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Our favorite recipes that are good for digestion

Everyone knows we love tasty recipes that are good for your gut. Over the years we’ve shared a bunch for different occasions. So we thought we’d revisit our favorites as a yummy reminder of all the goodness you can get while still treating yourself right.

Sweet Potato and Broccoli Toasts

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Not all food that’s good for digestion is rabbit food.

These bites are a little more work than the cauliflower, but the flavor is perfect for a holiday brunch on a cold winter morning. There are a lot of ingredients, but most of them are optional or swap-able. Use whatever fresh herbs you like or have in the fridge, and garnish with sunflower kernels, pumpkin seeds or sesame seeds. Serve with a mimosa and you’ve got yourself a party.

Here are the ingredients. 

Sweet Potato Mash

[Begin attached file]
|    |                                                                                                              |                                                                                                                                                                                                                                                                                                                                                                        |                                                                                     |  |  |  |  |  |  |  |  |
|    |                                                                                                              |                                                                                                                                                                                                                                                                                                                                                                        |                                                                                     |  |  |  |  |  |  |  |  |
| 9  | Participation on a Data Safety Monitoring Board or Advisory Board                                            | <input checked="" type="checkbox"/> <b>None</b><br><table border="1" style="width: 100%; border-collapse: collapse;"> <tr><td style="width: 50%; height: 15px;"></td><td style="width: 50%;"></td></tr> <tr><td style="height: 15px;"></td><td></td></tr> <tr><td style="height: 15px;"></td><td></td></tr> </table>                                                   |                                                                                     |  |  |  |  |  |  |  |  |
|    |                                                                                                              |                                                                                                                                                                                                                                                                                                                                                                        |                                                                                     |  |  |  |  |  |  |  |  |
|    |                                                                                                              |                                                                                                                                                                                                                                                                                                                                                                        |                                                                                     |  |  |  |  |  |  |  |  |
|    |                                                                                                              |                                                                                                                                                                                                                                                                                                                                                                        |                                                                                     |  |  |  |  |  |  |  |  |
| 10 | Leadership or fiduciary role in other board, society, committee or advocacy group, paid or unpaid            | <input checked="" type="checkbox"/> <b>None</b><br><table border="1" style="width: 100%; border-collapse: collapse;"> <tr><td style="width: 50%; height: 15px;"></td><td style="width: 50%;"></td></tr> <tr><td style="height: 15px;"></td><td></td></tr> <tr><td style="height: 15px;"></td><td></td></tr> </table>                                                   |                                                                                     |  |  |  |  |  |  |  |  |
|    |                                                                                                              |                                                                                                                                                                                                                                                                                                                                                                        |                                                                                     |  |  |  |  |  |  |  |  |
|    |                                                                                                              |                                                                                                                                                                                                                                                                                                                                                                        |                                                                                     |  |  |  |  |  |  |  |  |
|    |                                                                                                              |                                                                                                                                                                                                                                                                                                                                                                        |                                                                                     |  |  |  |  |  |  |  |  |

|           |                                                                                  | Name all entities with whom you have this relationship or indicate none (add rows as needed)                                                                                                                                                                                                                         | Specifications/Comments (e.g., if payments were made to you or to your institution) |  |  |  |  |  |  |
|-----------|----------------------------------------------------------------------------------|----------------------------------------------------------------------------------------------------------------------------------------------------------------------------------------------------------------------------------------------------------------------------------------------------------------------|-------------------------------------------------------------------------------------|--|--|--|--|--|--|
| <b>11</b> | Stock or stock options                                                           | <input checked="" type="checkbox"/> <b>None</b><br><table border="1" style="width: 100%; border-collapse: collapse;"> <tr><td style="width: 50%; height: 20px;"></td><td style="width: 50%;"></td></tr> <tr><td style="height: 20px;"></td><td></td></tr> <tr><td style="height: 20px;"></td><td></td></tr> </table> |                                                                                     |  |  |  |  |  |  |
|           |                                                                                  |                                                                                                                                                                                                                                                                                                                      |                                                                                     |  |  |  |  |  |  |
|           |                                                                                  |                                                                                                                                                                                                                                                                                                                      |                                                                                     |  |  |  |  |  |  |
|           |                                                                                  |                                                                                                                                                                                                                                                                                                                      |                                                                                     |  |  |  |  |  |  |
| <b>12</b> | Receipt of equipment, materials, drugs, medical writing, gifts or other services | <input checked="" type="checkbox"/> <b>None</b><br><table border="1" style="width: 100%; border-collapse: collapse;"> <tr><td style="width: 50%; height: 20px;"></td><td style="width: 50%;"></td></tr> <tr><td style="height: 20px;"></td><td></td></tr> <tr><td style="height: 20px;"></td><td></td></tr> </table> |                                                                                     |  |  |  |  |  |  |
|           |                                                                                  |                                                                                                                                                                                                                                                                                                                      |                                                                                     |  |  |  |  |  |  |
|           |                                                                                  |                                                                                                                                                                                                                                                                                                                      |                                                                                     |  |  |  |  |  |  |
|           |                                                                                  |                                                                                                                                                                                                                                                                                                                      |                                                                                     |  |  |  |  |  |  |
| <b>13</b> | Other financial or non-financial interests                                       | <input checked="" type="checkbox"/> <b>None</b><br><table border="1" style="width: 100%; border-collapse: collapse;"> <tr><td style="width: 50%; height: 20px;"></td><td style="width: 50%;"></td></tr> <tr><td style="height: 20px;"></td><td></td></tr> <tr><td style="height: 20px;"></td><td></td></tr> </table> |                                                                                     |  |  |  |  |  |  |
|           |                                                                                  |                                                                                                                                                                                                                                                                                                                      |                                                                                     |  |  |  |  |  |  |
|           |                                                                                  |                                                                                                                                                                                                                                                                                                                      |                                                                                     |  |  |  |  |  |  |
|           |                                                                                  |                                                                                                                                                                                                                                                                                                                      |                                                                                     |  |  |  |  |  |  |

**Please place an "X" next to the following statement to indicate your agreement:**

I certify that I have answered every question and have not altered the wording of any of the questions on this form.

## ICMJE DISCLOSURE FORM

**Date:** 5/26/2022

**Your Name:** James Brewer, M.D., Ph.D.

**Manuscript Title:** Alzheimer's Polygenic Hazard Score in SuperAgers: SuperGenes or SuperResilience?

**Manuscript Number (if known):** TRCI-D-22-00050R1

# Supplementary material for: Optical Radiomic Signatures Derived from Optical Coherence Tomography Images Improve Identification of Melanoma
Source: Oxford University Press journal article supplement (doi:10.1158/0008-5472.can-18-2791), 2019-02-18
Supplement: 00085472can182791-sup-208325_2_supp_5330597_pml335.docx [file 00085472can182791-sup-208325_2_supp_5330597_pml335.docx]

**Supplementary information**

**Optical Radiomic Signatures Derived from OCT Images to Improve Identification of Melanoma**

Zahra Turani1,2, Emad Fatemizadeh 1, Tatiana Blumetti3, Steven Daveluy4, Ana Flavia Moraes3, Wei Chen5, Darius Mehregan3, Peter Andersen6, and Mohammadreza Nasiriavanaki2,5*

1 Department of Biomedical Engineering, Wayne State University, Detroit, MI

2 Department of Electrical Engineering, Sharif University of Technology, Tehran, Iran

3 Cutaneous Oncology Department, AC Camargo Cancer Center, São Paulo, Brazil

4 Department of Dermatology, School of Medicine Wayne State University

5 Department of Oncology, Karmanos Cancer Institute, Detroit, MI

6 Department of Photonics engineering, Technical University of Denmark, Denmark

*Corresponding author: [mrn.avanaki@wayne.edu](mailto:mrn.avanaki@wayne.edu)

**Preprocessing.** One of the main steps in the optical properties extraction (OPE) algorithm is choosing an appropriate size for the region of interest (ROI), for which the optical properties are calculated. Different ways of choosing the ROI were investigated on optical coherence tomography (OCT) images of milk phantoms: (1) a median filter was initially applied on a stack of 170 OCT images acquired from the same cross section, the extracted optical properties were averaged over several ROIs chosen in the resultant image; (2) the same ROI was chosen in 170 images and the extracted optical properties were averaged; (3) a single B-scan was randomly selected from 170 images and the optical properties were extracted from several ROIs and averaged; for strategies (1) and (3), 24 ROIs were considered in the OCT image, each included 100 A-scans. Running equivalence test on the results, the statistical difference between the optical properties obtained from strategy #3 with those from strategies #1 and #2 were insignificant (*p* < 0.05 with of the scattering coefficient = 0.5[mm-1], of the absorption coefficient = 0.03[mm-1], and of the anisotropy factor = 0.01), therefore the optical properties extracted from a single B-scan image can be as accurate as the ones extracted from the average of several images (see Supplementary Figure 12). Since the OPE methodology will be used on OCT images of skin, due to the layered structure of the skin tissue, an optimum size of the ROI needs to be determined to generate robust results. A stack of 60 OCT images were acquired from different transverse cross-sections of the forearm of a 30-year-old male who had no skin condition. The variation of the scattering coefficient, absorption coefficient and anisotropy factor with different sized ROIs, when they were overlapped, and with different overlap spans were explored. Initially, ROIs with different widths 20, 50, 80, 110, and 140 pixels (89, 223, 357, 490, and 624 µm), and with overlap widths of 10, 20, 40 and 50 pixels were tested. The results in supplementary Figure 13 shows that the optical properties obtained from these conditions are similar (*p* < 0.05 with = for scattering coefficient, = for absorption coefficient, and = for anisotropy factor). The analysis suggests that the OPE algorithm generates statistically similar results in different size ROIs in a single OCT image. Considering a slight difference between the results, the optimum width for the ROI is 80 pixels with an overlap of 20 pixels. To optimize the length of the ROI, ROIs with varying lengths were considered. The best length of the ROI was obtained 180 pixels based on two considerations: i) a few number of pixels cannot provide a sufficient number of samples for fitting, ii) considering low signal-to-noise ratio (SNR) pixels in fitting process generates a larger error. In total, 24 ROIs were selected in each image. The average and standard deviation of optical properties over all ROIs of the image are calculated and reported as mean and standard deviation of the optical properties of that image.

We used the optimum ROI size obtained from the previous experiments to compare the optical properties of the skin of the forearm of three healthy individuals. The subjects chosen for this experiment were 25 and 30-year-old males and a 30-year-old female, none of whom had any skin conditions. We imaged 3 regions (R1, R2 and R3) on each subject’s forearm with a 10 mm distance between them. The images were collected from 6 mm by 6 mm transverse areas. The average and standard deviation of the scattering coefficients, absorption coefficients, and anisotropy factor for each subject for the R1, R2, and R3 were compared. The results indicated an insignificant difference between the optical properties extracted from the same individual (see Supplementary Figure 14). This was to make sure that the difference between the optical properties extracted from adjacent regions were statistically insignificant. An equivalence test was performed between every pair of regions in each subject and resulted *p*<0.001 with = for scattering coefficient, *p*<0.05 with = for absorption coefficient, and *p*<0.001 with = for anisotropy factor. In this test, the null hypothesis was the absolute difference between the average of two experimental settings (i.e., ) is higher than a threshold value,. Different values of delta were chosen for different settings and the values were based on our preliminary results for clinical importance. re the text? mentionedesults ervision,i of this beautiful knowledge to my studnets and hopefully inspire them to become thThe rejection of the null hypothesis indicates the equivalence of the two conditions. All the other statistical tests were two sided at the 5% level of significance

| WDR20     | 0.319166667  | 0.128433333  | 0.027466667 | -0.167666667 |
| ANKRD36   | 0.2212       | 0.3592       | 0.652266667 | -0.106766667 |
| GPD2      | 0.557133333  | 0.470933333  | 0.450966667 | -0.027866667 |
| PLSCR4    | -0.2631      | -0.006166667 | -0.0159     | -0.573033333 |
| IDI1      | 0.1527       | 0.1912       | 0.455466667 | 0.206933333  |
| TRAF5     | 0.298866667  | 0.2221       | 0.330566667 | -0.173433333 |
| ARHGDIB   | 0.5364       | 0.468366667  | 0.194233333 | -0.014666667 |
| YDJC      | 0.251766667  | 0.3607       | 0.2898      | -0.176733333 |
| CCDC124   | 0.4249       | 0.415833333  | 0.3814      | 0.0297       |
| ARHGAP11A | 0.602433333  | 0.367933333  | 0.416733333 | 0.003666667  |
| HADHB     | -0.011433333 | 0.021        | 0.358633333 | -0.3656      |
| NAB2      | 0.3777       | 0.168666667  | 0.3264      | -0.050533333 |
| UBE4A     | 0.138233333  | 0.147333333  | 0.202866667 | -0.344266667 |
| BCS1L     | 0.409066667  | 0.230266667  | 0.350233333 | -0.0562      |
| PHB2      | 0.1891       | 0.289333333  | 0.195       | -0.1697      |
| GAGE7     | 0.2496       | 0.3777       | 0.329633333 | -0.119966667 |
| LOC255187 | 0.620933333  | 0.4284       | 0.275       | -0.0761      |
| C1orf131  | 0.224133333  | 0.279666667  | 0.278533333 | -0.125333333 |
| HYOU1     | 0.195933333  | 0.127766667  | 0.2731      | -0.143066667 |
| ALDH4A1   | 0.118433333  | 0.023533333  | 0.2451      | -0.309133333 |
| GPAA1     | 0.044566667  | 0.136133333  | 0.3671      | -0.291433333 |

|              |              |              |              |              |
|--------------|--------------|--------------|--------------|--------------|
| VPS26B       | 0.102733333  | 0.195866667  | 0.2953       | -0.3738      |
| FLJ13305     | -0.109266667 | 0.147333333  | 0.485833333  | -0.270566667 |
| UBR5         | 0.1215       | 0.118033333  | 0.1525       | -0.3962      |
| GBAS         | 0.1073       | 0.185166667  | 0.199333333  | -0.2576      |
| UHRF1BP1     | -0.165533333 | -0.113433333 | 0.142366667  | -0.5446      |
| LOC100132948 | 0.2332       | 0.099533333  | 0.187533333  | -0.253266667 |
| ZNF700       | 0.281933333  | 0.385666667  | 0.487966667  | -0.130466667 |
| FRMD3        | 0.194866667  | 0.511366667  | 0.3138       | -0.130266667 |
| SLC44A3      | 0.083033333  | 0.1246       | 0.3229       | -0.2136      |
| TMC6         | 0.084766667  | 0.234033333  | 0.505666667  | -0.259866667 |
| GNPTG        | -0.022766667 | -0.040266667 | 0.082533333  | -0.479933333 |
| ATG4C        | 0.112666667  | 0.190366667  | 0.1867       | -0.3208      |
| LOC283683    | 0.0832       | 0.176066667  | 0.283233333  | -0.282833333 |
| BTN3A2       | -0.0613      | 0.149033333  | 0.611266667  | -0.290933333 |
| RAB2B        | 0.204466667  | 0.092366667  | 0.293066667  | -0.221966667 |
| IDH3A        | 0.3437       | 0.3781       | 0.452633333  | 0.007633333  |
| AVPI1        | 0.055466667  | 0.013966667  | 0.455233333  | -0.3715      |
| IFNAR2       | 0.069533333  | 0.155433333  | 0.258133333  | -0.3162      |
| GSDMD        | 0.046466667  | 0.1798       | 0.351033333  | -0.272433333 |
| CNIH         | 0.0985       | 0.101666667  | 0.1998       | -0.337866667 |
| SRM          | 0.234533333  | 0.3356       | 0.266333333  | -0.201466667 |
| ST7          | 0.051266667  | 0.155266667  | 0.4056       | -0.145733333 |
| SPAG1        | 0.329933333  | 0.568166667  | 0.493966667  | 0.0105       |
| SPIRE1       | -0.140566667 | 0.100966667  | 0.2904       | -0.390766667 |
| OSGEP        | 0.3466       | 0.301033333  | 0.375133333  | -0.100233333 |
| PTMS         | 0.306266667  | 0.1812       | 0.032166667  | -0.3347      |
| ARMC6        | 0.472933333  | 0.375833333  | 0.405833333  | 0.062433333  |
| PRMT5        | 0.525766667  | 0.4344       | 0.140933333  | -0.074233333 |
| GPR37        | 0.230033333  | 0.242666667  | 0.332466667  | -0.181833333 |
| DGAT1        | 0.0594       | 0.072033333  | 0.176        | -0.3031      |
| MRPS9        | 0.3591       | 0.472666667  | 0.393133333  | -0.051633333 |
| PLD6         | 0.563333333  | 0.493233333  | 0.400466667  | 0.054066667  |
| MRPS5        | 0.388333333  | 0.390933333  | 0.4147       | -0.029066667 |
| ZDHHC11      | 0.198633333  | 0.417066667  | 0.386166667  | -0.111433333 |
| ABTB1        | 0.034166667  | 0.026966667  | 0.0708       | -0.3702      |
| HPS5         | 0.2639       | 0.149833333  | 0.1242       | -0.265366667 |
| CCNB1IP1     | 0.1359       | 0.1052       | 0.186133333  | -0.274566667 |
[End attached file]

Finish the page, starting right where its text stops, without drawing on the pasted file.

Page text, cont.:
• 1 large sweet potato (about 12 oz.), peeled, cut into 1” pieces
  • 1 red Thai chile (optional), halved, some seeds removed
  • ½ cup fresh orange juice
  • Kosher salt and freshly ground black pepper

Broccoli

  • 1 large head broccoli, stem removed, cut into large florets
  • 8 tablespoons olive oil, divided
  • Kosher salt and freshly ground black pepper
  • 4 slices ¾”-thick crusty bread
  • 2 tablespoons chopped raw pistachios
  • 1 tablespoon (or more) fresh lemon juice
  • 1 tablespoon chopped fresh basil, divided
  • 1 tablespoon chopped fresh mint, divided
  • Flaky sea salt (such as Maldon)

Boil the sweet potatoes to create the mash, roast the broccoli in the meantime, then assemble your toasts and garnish as you like.

Bok Choy with Ginger and Garlic

This stir fry is really versatile, so you can use any type of sturdy, leafy green. Kale and chard hold up well when sauteed, and spinach would wilt nicely as well.

Here are the ingredients.

1 tablespoon olive oil
2 cloves garlic, minced